A Python toolbox
I started learning Python four years ago and have been heavily programming with it for near than a year now. In this post I’ll share some tools I use to ease and speed-up my workflow, either in the Python code or in the development environment.
These tips should be OS- and editor-independent. I have some useful Vim plugins to work with Python, but that’ll be for another post. You might have to adapt commands if you work on Windows.
Setting Things Up
Let’s say you’re starting a Python library. You have a couple dependencies, and hopefully you’d like it to work on multiple versions, like 2.6, 2.7, and 3.x. How can you test that? You have to (a) manage your dependencies to not mess up with your user environment, and (b) test with multiple Python versions.
Virtualenv lets you create isolated Python environments. That means you get a pristine environment where you’ll install your library’s dependencies, and nothing else. It’ll be independent of your user space. It’s important to work with an isolated environment because you don’t know which environment will your users have, so you shouldn’t make any assumption besides your own requirements. Working with your user environment means you might forgot a dependency because it just works since it’s installed on your computer but it’ll broke if run on another computer without this dependency.
You should be able to install it with
$ pip install virtualenv
It needs a directory to store the environment. I usually use
venv, but you
can choose whatever you want:
$ virtualenv venv
You can then either “activate” the environment, which adds its
$ source venv/bin/activate $ python # that's your virtualenv's Python $ deactivate $ python # that's your Python
or prefix your commands with
venv with your directory’s
$ venv/bin/python # that's your virtualenv's Python $ python # that's your Python
I usually do the later. Install dependencies in the environment:
$ venv/bin/pip install your-dependency
Don’t forget to tell Git or any tool you’re using for versioning to ignore
venv directory. It can take some place (from 12MB to more than 40MB)
depending on the number of dependencies you’re relying on.
To remove an environment, just delete its directory:
$ rm -rf venv
It can be convenient to save place on your computer if you have dozen of environments for different projects, especially if can quickly re-create any environment with its dependencies.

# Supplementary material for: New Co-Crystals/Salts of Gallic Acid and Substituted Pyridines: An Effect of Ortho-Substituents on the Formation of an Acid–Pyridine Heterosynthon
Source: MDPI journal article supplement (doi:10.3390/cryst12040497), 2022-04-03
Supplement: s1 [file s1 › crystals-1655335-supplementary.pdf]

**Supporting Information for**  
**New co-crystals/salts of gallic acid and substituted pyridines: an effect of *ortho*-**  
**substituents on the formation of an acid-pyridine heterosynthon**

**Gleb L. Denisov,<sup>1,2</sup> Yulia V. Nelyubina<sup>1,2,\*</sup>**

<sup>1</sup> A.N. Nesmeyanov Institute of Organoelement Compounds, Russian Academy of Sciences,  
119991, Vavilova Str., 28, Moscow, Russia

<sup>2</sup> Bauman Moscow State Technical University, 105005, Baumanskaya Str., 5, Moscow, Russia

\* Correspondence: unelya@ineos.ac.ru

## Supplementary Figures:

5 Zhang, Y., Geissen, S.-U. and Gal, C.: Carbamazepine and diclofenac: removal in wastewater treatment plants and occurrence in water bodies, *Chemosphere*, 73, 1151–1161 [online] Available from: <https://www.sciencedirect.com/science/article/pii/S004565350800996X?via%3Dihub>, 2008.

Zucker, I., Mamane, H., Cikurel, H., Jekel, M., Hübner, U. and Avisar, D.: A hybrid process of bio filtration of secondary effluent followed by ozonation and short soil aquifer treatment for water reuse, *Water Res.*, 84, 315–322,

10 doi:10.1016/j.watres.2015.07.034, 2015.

If you’re using
pip to manage them, you should know you can install
dependencies not only from the command line, but also from a file, with one
dependency per line. Each one of them is processed as if it were given on the
For example, you could have a file containing this:
colorama==0.2.7 coverage==3.7.1 pep8==1.4.6 py==1.4.20 tox==1.7.0 argparse>=1.1 virtualenv==1.11.4
This file is usually called
requirements.txt, but here again you can call it
whatever you want. You call install all these at once with this command:
$ pip install -r requirements.txt
But we’re programmers and we’re lazy, we don’t want to track down each installed library to include it in this file.
pip freeze outputs all installed libraries with their version. It can be put
requirements.txt for later use:
$ pip freeze > requirements.txt
requirements.txt file becomes handy when used with
you’re now able to fire up a new environment and install all required
libraries, with two commands:
$ virtualenv venv $ venv/bin/pip install -r requirements.txt
Note that these are libraries used in the environment, not necessarily your
library’s dependencies. In the above example you can see we’re installing
pep8, which respectively are a code coverage test tool and a
lint one we’ll talk about later in this post, not libraries we’re depending on
You should thus add this file in your public repository, because it provides anyone with the informations they need to have in order to mirror your environment and be able to contribute to your project.
Now that your local environment is ready, you can start coding your library.
You’ll often have to fire an interpreter to test some things, use
check a function’s arguments, etc. Having to type the same things over and over
takes time, and remember: we’re lazy.
Like Bash and some other tools, the Python interpreter can be configured with
an user file, namely
$PYTHONSTARTUP. It allows you to add autocompletion,
import common modules, and execute pretty much any code you want.
Start by setting
PYTHONSTARTUP in your
~/.bashrc (if you’re using Bash):
Here we’re telling the interpreter to look for the
and executing it before giving us a prompt.
Let’s initialize this file with autocompletion support:
You won’t need to type these two lines anymore in your interpreter. It doesn’t change how Python executes files, just the interactive interpreter.
Four different kinds of tests are covered by this part: style checkers to ensure your code’s consistency, static analysis tools to detect problems before executing the code, unit tests to actually test your library, and code coverage tests to ensure you do test all the code.
These are tools which help you maintaining a consistent coding style in your whole codebase. Most of these tools are easy to use, the hardest part being to choose which one fits your requirements.
Python has a PEP (
Python Enhancement Proposal, sort of RFC), the
PEP 8, dedicated to its coding conventions. If you want to follow
it, a command-line tool, rightly named
pep8, is available.
$ venv/bin/pip install pep8 $ venv/bin/pep8 your/lib/root/directory ... foo/mod.py:84:80: E501 line too long (96 > 79 characters) foo/mod.py:85:6: E203 whitespace before ':' foo/mod.py:86:80: E501 line too long (87 > 79 characters) foo/mod.py:87:4: E121 continuation line indentation is not a multiple of four ...